In his long reign of calculated cruelty Saddam has used every means available to him – from assassination, kidnapping and torture, to full-scale war, poison gas, ethnic cleansing, and mass deportation. But even by his standards, the gassing of civilians in Halabja on 16 March 1988, during the Iran-Iraq war, is an act with few parallels. It has also become the test case, repeatedly cited in recent months of build-up to another war, of how “Saddam used chemical weapons against his own people”.
But there are a few outstanding questions regarding Halabja, and Saddam is not the only villain.
One of the high points of my journalistic career was standing next to Jon Snow in Makerere University's (empty) swimming-pool as we broadcast live from an evangelical rally to promote sexual abstention in Kampala. At one point Jon waded into the cheering, swinging crowd and asked a Ugandan youth: "Are you celibate?" "Oh yes!" said the happy young Christian, "I wasn't last week but I am now".
The death of Ryszard Kapuściński on 23 January 2007 in Warsaw shocked friends, colleagues and readers all over the world. He was 74, but somehow we had all assumed that this small rugged man with the sly smile was indestructible. He had survived so much. The Soviet and then Nazi occupation of his homeland, twenty-seven (or was it twenty-eight?) revolutions and coups all over the world, escape from at least four executions and an near-lethal attack of cerebral malaria in Tanzania, even the smoke, alcohol and stress of a Polish journalist's life - none of these seemed to affect him. He grew a little quieter, as if intimidated by his own fame, but that was all.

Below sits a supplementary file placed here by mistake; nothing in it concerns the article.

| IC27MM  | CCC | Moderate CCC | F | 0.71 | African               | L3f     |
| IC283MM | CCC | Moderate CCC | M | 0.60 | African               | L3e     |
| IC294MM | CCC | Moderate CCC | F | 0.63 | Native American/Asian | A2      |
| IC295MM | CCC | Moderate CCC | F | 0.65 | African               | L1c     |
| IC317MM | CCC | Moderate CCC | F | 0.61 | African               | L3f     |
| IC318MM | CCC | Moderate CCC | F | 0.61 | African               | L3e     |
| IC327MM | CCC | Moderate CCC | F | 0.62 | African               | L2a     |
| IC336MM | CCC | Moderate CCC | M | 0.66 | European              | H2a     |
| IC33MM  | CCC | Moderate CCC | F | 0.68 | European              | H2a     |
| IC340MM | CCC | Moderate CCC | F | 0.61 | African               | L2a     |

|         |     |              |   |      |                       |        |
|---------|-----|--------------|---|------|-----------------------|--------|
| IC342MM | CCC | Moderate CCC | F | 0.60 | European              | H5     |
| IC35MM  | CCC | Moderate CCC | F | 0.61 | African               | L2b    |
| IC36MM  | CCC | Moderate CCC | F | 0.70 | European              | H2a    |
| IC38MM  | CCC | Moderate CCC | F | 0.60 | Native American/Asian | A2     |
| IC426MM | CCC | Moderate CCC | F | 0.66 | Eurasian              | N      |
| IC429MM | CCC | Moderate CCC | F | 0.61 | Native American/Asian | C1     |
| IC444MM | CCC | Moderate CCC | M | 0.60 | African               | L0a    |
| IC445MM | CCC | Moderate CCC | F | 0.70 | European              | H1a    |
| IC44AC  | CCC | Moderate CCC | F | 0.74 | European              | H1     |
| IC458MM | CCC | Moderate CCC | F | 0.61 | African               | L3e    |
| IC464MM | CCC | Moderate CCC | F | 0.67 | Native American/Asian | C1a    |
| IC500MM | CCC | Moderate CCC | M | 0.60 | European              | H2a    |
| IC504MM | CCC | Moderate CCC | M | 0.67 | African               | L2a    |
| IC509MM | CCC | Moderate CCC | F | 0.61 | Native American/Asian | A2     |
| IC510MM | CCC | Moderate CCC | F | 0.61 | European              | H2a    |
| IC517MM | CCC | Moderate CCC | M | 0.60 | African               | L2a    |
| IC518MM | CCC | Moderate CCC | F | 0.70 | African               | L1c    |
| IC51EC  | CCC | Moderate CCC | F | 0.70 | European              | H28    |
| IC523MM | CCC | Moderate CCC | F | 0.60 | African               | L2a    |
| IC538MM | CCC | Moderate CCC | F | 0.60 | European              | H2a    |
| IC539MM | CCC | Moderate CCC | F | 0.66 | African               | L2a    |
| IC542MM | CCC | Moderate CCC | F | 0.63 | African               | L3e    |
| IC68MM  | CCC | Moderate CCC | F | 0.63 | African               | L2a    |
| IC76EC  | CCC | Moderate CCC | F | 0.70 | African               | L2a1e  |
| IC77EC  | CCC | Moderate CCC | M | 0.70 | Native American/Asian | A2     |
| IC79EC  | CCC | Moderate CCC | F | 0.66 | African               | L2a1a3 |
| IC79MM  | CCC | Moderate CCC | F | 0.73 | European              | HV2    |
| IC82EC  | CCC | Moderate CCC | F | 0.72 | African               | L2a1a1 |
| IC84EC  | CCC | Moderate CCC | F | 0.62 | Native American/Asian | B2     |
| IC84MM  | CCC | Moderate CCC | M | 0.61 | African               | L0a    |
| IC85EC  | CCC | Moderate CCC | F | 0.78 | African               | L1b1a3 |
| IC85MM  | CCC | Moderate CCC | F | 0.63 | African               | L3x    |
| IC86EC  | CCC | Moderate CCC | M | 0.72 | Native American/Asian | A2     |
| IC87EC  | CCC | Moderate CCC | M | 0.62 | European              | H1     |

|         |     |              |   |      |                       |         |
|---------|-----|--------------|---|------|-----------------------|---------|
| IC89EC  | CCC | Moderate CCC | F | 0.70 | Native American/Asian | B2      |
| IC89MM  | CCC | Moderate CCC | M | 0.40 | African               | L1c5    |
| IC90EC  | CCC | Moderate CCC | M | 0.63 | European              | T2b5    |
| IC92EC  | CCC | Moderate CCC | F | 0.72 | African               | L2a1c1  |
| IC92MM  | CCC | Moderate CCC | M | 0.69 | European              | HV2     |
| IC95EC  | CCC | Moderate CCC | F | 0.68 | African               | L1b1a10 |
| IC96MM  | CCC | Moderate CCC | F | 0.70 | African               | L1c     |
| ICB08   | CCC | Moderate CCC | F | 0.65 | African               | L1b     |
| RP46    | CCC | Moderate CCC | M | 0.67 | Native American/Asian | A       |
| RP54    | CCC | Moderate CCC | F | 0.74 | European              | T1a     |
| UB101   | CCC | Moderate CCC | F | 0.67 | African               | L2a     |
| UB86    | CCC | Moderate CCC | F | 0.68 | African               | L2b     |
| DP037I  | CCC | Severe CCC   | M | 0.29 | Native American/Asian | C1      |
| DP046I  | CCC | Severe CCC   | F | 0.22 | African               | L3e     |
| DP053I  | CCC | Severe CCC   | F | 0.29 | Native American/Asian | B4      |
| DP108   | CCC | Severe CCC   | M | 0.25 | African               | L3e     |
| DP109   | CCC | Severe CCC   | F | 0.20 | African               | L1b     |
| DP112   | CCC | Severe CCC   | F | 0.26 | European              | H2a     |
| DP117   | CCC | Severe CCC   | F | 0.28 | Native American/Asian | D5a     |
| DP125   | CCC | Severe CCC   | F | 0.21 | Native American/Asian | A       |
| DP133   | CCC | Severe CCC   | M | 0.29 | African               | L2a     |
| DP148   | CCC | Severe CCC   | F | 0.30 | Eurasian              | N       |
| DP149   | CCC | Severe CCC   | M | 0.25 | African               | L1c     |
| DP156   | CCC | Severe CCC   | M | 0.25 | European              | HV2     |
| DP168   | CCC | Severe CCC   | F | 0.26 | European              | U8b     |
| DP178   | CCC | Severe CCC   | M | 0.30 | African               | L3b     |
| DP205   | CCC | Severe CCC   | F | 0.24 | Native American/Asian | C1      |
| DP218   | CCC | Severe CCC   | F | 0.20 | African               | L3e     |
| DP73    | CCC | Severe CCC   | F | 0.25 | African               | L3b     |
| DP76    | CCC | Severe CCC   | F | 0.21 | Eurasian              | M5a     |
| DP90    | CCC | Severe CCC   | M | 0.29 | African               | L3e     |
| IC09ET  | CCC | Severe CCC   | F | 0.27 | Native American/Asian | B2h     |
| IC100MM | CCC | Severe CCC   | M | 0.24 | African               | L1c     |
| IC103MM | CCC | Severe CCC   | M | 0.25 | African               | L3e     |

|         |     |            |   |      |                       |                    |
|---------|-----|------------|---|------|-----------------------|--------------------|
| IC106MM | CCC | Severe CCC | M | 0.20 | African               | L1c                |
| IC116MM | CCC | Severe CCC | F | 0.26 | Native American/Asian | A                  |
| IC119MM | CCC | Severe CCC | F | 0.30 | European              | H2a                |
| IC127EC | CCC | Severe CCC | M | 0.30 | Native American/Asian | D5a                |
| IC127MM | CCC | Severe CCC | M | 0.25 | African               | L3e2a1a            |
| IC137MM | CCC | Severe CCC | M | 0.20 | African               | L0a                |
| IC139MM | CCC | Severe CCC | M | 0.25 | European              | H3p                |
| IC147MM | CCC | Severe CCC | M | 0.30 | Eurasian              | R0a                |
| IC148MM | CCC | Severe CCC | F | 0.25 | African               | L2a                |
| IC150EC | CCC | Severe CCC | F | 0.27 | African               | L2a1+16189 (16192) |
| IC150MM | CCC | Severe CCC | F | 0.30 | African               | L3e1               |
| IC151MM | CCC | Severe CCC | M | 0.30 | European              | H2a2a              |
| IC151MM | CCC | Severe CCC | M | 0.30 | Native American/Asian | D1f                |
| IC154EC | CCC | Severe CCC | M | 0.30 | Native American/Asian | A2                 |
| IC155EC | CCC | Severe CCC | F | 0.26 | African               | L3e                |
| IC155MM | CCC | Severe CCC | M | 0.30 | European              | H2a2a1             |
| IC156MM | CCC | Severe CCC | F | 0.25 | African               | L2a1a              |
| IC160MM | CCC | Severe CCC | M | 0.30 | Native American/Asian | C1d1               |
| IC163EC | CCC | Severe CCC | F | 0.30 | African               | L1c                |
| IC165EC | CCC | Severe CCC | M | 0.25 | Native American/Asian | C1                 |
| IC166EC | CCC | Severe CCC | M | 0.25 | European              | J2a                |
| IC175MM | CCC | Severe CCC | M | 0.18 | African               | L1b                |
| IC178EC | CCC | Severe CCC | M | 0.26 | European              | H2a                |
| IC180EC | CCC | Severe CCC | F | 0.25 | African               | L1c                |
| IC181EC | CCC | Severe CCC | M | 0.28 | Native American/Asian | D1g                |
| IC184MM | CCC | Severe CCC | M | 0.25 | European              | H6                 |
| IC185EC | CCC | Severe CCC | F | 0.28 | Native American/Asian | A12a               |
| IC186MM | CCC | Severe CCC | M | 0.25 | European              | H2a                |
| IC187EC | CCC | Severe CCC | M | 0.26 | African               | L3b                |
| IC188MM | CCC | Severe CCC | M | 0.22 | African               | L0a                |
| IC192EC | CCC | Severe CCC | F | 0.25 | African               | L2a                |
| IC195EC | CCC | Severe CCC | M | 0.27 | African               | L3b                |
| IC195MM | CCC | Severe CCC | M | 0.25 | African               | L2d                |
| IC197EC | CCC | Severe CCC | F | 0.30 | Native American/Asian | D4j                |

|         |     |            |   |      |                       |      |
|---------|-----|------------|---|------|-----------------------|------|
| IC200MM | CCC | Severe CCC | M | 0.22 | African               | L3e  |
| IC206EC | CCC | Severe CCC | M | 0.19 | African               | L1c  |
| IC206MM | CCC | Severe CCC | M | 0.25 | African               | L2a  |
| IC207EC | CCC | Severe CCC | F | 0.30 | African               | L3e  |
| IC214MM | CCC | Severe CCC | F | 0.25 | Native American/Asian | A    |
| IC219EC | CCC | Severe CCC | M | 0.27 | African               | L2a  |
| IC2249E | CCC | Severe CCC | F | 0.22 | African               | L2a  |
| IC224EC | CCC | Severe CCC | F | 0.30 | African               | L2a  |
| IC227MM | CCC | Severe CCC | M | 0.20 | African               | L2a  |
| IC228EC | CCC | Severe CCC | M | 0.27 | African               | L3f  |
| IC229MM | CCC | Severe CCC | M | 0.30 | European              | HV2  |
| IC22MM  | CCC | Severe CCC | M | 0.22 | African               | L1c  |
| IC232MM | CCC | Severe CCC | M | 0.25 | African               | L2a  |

The decision of the British government, led by prime minister Tony Blair, to support the United States’s preparations to overthrow Saddam Hussein’s regime in Iraq was extremely controversial in the country. There was massive popular protest and bitter criticism in the press and broadcasting media.